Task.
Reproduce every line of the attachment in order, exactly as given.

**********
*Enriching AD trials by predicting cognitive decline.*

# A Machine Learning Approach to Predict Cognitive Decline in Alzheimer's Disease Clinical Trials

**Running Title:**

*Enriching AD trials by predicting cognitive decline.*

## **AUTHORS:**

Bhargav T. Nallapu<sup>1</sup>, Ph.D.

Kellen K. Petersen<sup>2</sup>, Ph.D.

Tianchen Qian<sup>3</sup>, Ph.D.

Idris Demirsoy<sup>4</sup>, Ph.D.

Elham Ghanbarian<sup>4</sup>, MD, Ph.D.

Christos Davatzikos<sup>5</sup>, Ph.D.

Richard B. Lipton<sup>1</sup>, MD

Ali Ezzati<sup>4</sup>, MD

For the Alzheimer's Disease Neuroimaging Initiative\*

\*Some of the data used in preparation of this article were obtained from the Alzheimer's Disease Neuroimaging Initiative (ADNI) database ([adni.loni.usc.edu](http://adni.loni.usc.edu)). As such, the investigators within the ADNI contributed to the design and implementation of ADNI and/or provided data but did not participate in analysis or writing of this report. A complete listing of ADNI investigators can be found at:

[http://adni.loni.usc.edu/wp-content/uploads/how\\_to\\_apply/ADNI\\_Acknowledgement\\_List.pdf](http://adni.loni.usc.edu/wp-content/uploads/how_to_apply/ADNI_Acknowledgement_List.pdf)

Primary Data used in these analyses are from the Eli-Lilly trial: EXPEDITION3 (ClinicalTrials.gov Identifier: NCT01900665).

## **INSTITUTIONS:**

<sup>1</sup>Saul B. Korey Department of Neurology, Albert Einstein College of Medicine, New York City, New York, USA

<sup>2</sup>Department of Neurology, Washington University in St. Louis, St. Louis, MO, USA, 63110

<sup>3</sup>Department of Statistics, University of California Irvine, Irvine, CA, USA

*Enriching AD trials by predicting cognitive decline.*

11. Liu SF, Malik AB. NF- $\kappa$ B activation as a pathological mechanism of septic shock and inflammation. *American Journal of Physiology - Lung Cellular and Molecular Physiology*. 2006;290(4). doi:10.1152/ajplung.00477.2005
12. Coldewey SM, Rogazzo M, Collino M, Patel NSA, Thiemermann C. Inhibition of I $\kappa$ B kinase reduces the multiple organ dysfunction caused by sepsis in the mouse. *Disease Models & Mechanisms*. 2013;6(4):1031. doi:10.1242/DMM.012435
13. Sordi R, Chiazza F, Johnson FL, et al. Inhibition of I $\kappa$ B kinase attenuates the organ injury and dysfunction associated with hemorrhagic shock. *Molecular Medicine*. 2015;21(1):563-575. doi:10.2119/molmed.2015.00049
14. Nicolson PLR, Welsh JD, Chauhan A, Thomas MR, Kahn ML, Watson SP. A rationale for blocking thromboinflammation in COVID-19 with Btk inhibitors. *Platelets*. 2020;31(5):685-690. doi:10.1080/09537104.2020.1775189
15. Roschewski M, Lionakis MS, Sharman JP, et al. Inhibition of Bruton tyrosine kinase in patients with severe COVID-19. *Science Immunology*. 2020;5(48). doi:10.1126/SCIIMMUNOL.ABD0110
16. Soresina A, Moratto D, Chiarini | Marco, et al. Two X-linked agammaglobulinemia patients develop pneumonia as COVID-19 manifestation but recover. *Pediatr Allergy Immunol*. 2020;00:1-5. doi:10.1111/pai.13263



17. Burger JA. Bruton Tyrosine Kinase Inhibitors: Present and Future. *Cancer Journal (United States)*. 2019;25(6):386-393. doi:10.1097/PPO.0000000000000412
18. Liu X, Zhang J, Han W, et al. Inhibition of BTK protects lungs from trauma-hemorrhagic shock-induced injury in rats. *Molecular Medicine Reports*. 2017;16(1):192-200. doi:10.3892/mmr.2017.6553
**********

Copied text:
*Enriching AD trials by predicting cognitive decline.*

# A Machine Learning Approach to Predict Cognitive Decline in Alzheimer's Disease Clinical Trials

**Running Title:**

*Enriching AD trials by predicting cognitive decline.*

## **AUTHORS:**

Bhargav T. Nallapu<sup>1</sup>, Ph.D.

Kellen K. Petersen<sup>2</sup>, Ph.D.

Tianchen Qian<sup>3</sup>, Ph.D.

Idris Demirsoy<sup>4</sup>, Ph.D.

Elham Ghanbarian<sup>4</sup>, MD, Ph.D.

Christos Davatzikos<sup>5</sup>, Ph.D.

Richard B. Lipton<sup>1</sup>, MD

Ali Ezzati<sup>4</sup>, MD

For the Alzheimer's Disease Neuroimaging Initiative\*

\*Some of the data used in preparation of this article were obtained from the Alzheimer's Disease Neuroimaging Initiative (ADNI) database ([adni.loni.usc.edu](http://adni.loni.usc.edu)). As such, the investigators within the ADNI contributed to the design and implementation of ADNI and/or provided data but did not participate in analysis or writing of this report. A complete listing of ADNI investigators can be found at:

[http://adni.loni.usc.edu/wp-content/uploads/how\\_to\\_apply/ADNI\\_Acknowledgement\\_List.pdf](http://adni.loni.usc.edu/wp-content/uploads/how_to_apply/ADNI_Acknowledgement_List.pdf)

Primary Data used in these analyses are from the Eli-Lilly trial: EXPEDITION3 (ClinicalTrials.gov Identifier: NCT01900665).

## **INSTITUTIONS:**

<sup>1</sup>Saul B. Korey Department of Neurology, Albert Einstein College of Medicine, New York City, New York, USA

<sup>2</sup>Department of Neurology, Washington University in St. Louis, St. Louis, MO, USA, 63110

<sup>3</sup>Department of Statistics, University of California Irvine, Irvine, CA, USA

*Enriching AD trials by predicting cognitive decline.*

11. Liu SF, Malik AB. NF- $\kappa$ B activation as a pathological mechanism of septic shock and inflammation. *American Journal of Physiology - Lung Cellular and Molecular Physiology*. 2006;290(4). doi:10.1152/ajplung.00477.2005
12. Coldewey SM, Rogazzo M, Collino M, Patel NSA, Thiemermann C. Inhibition of I $\kappa$ B kinase reduces the multiple organ dysfunction caused by sepsis in the mouse. *Disease Models & Mechanisms*. 2013;6(4):1031. doi:10.1242/DMM.012435
13. Sordi R, Chiazza F, Johnson FL, et al. Inhibition of I $\kappa$ B kinase attenuates the organ injury and dysfunction associated with hemorrhagic shock. *Molecular Medicine*. 2015;21(1):563-575. doi:10.2119/molmed.2015.00049
14. Nicolson PLR, Welsh JD, Chauhan A, Thomas MR, Kahn ML, Watson SP. A rationale for blocking thromboinflammation in COVID-19 with Btk inhibitors. *Platelets*. 2020;31(5):685-690. doi:10.1080/09537104.2020.1775189
15. Roschewski M, Lionakis MS, Sharman JP, et al. Inhibition of Bruton tyrosine kinase in patients with severe COVID-19. *Science Immunology*. 2020;5(48). doi:10.1126/SCIIMMUNOL.ABD0110
16. Soresina A, Moratto D, Chiarini | Marco, et al. Two X-linked agammaglobulinemia patients develop pneumonia as COVID-19 manifestation but recover. *Pediatr Allergy Immunol*. 2020;00:1-5. doi:10.1111/pai.13263



17. Burger JA. Bruton Tyrosine Kinase Inhibitors: Present and Future. *Cancer Journal (United States)*. 2019;25(6):386-393. doi:10.1097/PPO.0000000000000412
18. Liu X, Zhang J, Han W, et al. Inhibition of BTK protects lungs from trauma-hemorrhagic shock-induced injury in rats. *Molecular Medicine Reports*. 2017;16(1):192-200. doi:10.3892/mmr.2017.6553